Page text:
Decision from the Court and Guidance on Wasted Costs Orders
In respect of the concerns raised as to funding, this was considered to be a causally weak argument even if proven, and in any event, would not justify any wasted costs proceedings. Turning to the concerns as to the witness evidence, the actions of the Defendant were not considered to reflect improper, unreasonable or negligent act or omission, and even if this was the case, causation was again likely to be an issue, in addition to the obvious difficulties in quantifying any incurred wasted costs. Equally it was considered by the Court that PD46 para 5.7(a)(ii) was not met – the proceedings were not justified given the likely costs involved.
In considering the question of disclosure conduct, it was not considered that the delay in obtaining relevant documents was the result of any improper and/or unreasonable and/or negligent act or omission, given that the Defendant would have been duly advised of disclosure obligations. The pleaded case was again, ultimately doomed to fail on the grounds of causation, even if proven, nor would wasted costs proceedings be justified notwithstanding the likely costs involved.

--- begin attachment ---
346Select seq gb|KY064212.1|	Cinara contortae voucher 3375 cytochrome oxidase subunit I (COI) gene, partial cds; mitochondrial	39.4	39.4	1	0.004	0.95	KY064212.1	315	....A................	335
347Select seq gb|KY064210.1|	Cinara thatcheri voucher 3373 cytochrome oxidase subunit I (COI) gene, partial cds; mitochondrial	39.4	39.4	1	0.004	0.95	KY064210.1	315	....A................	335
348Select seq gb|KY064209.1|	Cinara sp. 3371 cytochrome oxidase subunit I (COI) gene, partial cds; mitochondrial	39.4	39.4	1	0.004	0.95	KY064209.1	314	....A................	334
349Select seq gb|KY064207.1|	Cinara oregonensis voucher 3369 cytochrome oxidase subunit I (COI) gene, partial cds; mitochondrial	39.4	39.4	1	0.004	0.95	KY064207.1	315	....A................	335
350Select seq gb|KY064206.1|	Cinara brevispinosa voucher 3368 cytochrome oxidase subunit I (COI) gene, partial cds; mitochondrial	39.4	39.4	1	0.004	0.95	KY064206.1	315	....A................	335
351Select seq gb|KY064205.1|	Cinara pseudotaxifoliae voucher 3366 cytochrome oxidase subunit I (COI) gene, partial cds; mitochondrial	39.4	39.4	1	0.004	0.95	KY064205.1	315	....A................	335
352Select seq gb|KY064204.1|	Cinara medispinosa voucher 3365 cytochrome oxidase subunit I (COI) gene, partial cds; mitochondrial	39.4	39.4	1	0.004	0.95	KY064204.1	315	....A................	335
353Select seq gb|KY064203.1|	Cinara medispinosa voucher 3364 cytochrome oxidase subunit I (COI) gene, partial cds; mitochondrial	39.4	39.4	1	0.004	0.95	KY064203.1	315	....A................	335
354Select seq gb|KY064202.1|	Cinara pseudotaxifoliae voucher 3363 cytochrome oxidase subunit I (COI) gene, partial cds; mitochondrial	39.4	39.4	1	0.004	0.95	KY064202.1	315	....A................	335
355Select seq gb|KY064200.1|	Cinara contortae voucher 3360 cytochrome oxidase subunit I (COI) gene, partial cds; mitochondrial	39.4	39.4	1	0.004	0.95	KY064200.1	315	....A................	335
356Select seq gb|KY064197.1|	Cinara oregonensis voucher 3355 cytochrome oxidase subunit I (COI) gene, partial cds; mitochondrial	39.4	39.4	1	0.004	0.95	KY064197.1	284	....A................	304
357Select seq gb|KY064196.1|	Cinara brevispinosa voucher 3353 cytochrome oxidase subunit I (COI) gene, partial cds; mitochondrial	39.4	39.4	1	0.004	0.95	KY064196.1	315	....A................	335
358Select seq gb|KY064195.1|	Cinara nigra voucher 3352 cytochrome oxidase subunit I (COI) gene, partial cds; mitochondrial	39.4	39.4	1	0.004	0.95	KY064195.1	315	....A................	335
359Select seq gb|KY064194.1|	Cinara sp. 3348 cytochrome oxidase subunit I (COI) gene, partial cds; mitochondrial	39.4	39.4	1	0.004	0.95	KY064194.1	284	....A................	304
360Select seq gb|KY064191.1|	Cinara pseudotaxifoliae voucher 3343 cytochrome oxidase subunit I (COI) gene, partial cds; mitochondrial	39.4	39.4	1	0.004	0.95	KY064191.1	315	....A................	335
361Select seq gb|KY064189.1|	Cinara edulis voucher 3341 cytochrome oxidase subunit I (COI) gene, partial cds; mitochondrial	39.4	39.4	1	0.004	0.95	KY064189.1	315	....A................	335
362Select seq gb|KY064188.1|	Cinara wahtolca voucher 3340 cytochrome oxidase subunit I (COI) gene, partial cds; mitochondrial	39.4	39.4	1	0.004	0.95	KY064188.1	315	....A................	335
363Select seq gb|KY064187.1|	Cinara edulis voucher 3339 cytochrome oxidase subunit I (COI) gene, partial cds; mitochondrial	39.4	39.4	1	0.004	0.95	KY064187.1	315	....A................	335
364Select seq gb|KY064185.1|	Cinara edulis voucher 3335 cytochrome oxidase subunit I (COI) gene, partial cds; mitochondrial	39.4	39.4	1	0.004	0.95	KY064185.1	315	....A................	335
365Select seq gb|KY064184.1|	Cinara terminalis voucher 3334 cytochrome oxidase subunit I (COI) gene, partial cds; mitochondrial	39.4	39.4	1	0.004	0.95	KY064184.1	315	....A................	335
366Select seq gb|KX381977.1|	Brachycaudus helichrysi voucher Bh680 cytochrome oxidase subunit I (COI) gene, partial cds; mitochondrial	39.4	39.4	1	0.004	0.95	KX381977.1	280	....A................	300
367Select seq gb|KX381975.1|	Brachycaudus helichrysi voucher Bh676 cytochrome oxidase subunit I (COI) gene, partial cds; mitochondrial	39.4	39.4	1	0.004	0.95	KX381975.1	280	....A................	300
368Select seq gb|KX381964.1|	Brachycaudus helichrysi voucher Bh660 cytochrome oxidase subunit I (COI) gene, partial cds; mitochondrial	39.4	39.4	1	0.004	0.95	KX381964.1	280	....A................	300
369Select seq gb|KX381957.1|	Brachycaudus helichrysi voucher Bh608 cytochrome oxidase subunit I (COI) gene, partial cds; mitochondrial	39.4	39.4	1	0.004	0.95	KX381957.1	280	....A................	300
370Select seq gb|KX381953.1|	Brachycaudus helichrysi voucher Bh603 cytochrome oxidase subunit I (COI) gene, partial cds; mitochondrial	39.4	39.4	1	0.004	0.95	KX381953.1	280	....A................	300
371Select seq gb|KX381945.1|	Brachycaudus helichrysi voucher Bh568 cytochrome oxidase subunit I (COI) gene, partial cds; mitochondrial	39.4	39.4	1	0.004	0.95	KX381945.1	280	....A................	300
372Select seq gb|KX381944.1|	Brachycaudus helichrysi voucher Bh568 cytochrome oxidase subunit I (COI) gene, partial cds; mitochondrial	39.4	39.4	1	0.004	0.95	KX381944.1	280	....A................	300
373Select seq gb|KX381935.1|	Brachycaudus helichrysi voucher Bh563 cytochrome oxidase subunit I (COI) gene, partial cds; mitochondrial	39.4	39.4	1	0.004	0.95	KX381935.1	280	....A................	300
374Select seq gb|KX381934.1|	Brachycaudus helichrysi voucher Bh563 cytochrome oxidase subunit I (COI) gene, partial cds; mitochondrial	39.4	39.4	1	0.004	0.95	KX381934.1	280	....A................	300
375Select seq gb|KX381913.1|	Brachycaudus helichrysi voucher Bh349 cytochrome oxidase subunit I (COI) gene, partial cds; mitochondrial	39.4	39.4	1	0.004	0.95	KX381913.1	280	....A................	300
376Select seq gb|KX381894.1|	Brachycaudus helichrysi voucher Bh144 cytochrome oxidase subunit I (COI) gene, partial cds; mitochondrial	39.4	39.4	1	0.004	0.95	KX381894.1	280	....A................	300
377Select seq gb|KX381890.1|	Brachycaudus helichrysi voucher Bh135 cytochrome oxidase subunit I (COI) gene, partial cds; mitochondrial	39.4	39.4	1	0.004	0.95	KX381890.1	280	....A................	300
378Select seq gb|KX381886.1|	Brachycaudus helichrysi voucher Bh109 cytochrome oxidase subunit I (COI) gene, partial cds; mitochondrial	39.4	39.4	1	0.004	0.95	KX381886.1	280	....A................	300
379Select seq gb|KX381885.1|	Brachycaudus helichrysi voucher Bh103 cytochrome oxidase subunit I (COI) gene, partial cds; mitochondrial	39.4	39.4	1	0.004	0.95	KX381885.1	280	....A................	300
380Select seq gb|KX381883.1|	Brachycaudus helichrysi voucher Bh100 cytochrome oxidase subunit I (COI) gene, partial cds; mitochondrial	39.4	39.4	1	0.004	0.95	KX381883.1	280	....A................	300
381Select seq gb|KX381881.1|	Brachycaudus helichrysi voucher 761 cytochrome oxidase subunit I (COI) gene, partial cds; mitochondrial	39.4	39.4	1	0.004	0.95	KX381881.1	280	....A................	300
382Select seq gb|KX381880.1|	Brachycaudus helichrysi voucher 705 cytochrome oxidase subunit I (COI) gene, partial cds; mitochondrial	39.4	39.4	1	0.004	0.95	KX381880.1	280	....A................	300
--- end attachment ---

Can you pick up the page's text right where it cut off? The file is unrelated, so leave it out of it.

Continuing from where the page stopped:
In considering the final pleaded conduct issue, the pursuing of a ‘hopeless’ argument on the issue of Monegasque law, it was considered that the same point had been properly arguable and that any associated costs would have been limited.
Both item by item and otherwise broad-brush, the application as a whole was not considered suitable for summary determination under the stage 2 wasted costs procedure (PD46 5.7(b)) and equally given the Claimant’s failure to establish a causal conduct/costs, it was not considered that a sufficient prima facie case had been established. The Court was further mindful of the likely costs involved, 6 reasons for rejection of the application being outlined by the Court.
The decision brings into sharp focus the requirements for seeking wasted costs orders. Demonstrating an improper/unreasonable/negligent act or omission is not enough, because ultimately without causation, costs have not been wasted nor can they be quantified. Where a positive case on causation can be demonstrated, it may well be possible to satisfy stage 1, should the proceedings be justified notwithstanding the likely costs involved. Nevertheless, proceeding to stage 2 successfully is still likely to be a considerably contested matter, because, straightforwardly put, a firm facing allegations of such conduct is likely to fight tooth and nail to oppose any such adverse determination.